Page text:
Jacques makes use of cultural determinism to explain economic determinism. Above all, Jacques’ alarmist presentation of Chinese history will not ring positively in the ears of the average Westerner. The Yellow Peril may be just around the corner, and Jacques’ book should be taken as a warning, even if this is not the intention of the author. To sum up: Jacques’ arguments in favor of a new Chinese world order may just as well be used to argue against the prospects of a new Chinese world order.

Harald Bockman is a Researcher at the Centre for Development and the Environment, University of Oslo

There have been plenty of news stories recently about today’s meeting between Barack Obama and the Dalai Lama. Here are some suggestions for further reading (and viewing):

1. Tibet expert Robert Barnett of Columbia University is interviewed by Deborah Jerome of the Council of Foreign Relations:

All American presidents since 1990 have met with the Dalai Lama, yet President Obama’s scheduled meeting Thursday has drawn a sharp warning from China that the visit will undermine U.S.-China relations. Is China more irritated about this visit than it has been previously?

There is certainly a higher level of angry rhetoric from Beijing. . . . But in fact, behind the scenes, Beijing was far more disturbed by the previous presidential meeting, President George W. Bush’s presentation of the Congressional Gold Medal to the Dalai Lama in October 2007—because that was the first and only time a U.S. president and the Tibetan leader had met in public.

So for Chinese diplomats, the real objective for the last six months or so has been not to stop the meeting, which their experts knew was impossible, but to get it to be private. That’s been achieved, because the meeting will take place in a private room, the White House Map Room. But that’s an obscure issue of protocol that, as the White House knows, makes a lot of difference to Beijing officials but none to American or Tibetan perceptions of the meeting. For China, the symbolic details matter, but for Tibetans in Tibet, it’s only whether the two people meet that is meaningful.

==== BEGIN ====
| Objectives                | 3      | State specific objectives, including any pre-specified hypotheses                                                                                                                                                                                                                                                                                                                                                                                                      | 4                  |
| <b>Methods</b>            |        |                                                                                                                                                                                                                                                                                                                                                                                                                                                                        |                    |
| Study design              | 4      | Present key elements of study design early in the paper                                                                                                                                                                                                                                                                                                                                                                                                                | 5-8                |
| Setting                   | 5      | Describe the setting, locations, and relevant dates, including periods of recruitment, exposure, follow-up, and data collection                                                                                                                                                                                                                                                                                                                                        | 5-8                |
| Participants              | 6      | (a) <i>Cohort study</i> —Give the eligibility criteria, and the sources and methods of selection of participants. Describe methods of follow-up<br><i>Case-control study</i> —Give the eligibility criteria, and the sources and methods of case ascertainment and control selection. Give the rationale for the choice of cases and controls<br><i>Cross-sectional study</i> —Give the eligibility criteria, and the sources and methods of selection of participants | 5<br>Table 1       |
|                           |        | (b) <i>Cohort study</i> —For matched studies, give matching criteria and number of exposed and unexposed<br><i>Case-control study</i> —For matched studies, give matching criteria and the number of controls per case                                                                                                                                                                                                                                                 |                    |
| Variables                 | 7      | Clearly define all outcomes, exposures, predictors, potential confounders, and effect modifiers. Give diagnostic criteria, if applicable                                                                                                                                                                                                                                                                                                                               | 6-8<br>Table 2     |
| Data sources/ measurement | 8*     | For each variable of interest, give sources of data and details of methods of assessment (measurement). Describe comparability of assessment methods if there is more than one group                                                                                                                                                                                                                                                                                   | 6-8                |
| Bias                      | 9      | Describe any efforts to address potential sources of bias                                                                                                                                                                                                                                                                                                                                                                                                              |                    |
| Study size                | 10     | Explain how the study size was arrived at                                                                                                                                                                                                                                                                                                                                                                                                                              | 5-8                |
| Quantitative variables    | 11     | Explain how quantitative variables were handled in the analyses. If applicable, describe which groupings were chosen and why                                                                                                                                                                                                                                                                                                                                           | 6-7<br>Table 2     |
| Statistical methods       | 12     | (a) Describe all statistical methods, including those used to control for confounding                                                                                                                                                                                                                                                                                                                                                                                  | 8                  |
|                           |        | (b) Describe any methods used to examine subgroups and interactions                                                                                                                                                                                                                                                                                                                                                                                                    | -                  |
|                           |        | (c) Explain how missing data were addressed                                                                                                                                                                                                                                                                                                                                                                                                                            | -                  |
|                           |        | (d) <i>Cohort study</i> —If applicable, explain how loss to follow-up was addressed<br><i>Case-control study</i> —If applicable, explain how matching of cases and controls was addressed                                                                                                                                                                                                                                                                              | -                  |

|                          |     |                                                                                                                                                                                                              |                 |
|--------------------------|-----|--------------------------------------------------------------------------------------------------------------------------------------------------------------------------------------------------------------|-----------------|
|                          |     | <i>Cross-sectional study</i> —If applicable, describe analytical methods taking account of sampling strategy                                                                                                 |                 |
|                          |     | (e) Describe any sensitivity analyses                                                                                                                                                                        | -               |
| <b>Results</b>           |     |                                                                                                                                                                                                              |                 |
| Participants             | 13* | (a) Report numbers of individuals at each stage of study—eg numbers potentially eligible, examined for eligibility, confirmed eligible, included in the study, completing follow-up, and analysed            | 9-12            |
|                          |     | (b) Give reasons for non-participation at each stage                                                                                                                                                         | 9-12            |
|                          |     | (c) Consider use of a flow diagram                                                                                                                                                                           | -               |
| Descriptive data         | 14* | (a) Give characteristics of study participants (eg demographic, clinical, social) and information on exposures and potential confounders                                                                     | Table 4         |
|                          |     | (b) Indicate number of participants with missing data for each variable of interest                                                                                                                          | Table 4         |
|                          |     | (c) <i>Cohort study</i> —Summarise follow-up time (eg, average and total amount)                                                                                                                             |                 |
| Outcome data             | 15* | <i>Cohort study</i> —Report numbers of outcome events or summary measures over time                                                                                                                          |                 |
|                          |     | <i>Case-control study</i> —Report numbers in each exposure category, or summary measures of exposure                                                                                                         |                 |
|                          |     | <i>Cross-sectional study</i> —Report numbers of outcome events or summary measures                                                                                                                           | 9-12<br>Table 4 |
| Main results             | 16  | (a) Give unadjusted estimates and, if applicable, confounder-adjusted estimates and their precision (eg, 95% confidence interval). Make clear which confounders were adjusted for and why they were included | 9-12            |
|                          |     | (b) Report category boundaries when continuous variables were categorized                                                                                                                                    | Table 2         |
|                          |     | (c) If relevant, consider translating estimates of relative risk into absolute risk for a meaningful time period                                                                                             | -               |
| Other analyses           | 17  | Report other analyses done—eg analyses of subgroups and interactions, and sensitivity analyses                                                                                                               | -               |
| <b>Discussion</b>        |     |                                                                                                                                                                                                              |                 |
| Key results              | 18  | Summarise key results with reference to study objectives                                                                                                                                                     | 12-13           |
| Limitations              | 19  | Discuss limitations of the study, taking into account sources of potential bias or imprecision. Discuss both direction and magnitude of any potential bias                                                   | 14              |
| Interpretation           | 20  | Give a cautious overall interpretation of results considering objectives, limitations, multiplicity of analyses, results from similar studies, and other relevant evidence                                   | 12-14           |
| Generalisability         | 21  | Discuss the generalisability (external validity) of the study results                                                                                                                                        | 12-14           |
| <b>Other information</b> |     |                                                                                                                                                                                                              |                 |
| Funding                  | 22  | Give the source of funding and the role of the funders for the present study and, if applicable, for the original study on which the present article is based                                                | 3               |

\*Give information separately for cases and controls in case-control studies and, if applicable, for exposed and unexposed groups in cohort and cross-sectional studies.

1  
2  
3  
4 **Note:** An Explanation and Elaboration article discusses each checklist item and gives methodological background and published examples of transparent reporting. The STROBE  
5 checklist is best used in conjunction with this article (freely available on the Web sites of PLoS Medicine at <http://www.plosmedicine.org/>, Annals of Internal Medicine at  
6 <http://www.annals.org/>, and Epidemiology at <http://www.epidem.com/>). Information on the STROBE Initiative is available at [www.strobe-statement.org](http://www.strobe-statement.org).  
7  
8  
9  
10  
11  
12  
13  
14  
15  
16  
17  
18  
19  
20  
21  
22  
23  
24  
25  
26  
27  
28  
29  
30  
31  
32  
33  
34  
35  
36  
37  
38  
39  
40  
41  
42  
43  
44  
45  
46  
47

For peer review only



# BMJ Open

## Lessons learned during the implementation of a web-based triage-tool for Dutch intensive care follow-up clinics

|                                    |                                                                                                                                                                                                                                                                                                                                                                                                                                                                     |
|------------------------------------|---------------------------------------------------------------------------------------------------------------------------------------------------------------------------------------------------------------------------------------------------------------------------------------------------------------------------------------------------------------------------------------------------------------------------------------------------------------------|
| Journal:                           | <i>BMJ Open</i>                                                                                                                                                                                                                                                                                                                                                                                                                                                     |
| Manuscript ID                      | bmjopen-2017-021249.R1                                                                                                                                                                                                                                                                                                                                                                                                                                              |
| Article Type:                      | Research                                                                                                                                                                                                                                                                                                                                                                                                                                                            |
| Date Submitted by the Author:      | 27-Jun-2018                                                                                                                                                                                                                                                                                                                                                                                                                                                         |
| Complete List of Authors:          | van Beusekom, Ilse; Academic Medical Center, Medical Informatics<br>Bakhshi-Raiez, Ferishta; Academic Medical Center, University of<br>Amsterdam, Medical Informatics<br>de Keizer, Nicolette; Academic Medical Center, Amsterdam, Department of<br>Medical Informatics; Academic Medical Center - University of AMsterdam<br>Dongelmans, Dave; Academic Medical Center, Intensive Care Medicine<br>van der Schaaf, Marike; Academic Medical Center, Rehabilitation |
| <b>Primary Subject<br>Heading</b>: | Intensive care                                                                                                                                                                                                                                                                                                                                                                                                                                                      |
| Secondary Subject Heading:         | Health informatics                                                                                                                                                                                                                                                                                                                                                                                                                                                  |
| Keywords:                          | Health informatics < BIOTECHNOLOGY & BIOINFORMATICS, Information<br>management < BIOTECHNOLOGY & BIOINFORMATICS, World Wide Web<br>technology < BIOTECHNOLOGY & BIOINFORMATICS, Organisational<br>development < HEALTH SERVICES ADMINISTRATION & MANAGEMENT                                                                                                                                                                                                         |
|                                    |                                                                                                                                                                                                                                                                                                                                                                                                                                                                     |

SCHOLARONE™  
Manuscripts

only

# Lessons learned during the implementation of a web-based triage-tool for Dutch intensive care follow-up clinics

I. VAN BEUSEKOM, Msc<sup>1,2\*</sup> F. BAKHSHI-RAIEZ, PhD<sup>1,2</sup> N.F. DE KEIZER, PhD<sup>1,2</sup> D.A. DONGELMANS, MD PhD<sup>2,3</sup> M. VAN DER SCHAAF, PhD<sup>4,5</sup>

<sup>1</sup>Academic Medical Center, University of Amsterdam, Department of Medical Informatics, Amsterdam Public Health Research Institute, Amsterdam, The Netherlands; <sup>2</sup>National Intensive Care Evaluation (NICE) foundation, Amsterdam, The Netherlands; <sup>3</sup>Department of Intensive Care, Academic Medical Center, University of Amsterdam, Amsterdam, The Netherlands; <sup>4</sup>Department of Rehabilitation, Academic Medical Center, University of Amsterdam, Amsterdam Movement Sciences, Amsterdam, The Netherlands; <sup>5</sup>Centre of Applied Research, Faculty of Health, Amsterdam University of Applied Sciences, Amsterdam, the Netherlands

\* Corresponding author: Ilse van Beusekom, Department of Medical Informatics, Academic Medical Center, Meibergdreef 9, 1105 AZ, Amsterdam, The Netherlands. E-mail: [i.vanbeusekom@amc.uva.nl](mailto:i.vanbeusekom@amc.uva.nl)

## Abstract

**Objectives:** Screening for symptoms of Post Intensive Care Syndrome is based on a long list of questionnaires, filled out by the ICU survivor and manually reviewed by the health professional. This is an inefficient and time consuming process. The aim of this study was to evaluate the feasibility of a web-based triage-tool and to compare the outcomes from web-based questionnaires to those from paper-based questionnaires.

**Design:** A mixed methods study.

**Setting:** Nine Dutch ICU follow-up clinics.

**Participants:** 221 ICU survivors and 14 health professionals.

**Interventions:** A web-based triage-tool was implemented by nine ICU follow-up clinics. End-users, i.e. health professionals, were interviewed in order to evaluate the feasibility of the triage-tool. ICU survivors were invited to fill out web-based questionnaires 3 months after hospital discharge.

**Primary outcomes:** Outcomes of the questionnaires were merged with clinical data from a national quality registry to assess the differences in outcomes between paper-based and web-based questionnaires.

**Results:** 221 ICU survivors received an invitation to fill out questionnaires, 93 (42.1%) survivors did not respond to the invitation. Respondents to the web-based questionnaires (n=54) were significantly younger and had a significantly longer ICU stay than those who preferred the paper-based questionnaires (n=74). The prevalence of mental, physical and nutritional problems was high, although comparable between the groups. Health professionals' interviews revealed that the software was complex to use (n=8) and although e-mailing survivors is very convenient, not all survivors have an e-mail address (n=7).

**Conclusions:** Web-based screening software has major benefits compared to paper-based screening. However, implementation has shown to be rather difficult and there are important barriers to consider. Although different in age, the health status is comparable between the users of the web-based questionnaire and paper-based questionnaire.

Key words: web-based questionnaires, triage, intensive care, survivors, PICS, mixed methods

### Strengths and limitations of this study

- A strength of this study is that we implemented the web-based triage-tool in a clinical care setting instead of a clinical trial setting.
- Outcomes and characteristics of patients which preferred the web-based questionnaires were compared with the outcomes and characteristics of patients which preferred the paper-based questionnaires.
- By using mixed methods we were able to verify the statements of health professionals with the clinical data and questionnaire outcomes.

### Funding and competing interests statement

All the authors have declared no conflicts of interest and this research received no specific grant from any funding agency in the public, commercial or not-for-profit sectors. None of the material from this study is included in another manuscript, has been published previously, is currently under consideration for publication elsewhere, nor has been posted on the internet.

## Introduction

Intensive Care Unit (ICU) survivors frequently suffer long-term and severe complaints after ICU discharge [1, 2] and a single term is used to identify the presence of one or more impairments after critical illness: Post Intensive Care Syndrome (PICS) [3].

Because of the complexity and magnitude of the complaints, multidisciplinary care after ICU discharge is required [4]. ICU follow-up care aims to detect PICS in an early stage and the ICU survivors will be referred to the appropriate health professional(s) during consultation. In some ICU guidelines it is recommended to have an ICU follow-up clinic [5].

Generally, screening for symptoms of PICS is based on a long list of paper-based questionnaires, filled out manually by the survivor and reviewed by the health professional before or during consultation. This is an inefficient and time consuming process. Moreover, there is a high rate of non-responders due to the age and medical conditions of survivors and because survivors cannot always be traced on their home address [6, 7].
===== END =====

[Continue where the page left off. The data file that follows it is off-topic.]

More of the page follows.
2. “Tibet Is No Shangri-La,” writes Christina Larson at Foreign Policy:

The political and territorial stakes are serious, and not likely to be resolved anytime soon. But there is also a gauziness with which the region and the man who represents it to the West are most often discussed. Even in the fast-paced and cynical 21st century, talk of Tibet still elicits a 19th century aura of romanticism and melancholy. In general, sentiment veils critical thinking. In the case of Tibet, our collective nostalgia, inexplicably, for a place most of us have never seen lends itself to a striking absolutism with which we discuss the place, its people, its present condition, its future destiny. While most things in life are murky and grey, the Tibet of our imagination is pristine, and the lines between good and evil are as clear as a mountain stream.

3. We’ve mentioned Donald Lopez’s “7 Things You Don’t Know About Tibet” before, but it seems appropriate to call attention to it again this week:

Tibetans have never heard of their famous religious text The Tibetan Book of the Dead. What is known in the West by that title is a short Tibetan work, the Bardo Thodol, meaning “Liberation through Hearing in the Intermediate State.” It is a mortuary text, read over a dead or dying person to help him or her escape from rebirth or, if that’s not possible, to have a good rebirth in the next life. It is an example of a genre of similar texts used in one of the four sects of Tibetan Buddhism. It became the most famous Tibetan text in the West after Walter Wentz, a wealthy American Theosophist, traveled to India in the 1920s, and commissioned a translation. Wentz then added his own commentary, transforming the Tibetan mortuary text into a Theosophical treatise. The text has lived on through several reincarnations, including one by Timothy Leary that uses the Tibetan text as a “flight plan” for an acid trip. Leary’s book (The Psychedelic Experience: A Manual Based on the Tibetan Book of the Dead) is best remembered for the line “Whenever in doubt, turn off your mind, relax, float downstream,” which was lifted by John Lennon for the song “Tomorrow Never Knows” on the Beatles’ 1966 album, Revolver.

4. At Time, Jeff Wasserstrom discusses the current Sino-U.S. relationship and declares it “Too Big to Fail”:

While Washington and Beijing seem very much at odds just now, we shouldn’t let their current state blind us to how intertwined they have become, nor to parallels between America’s rise at the start of the last century and China’s at the start of this one. Whether they like it or realize it, their relationship is truly one thing too big to fail.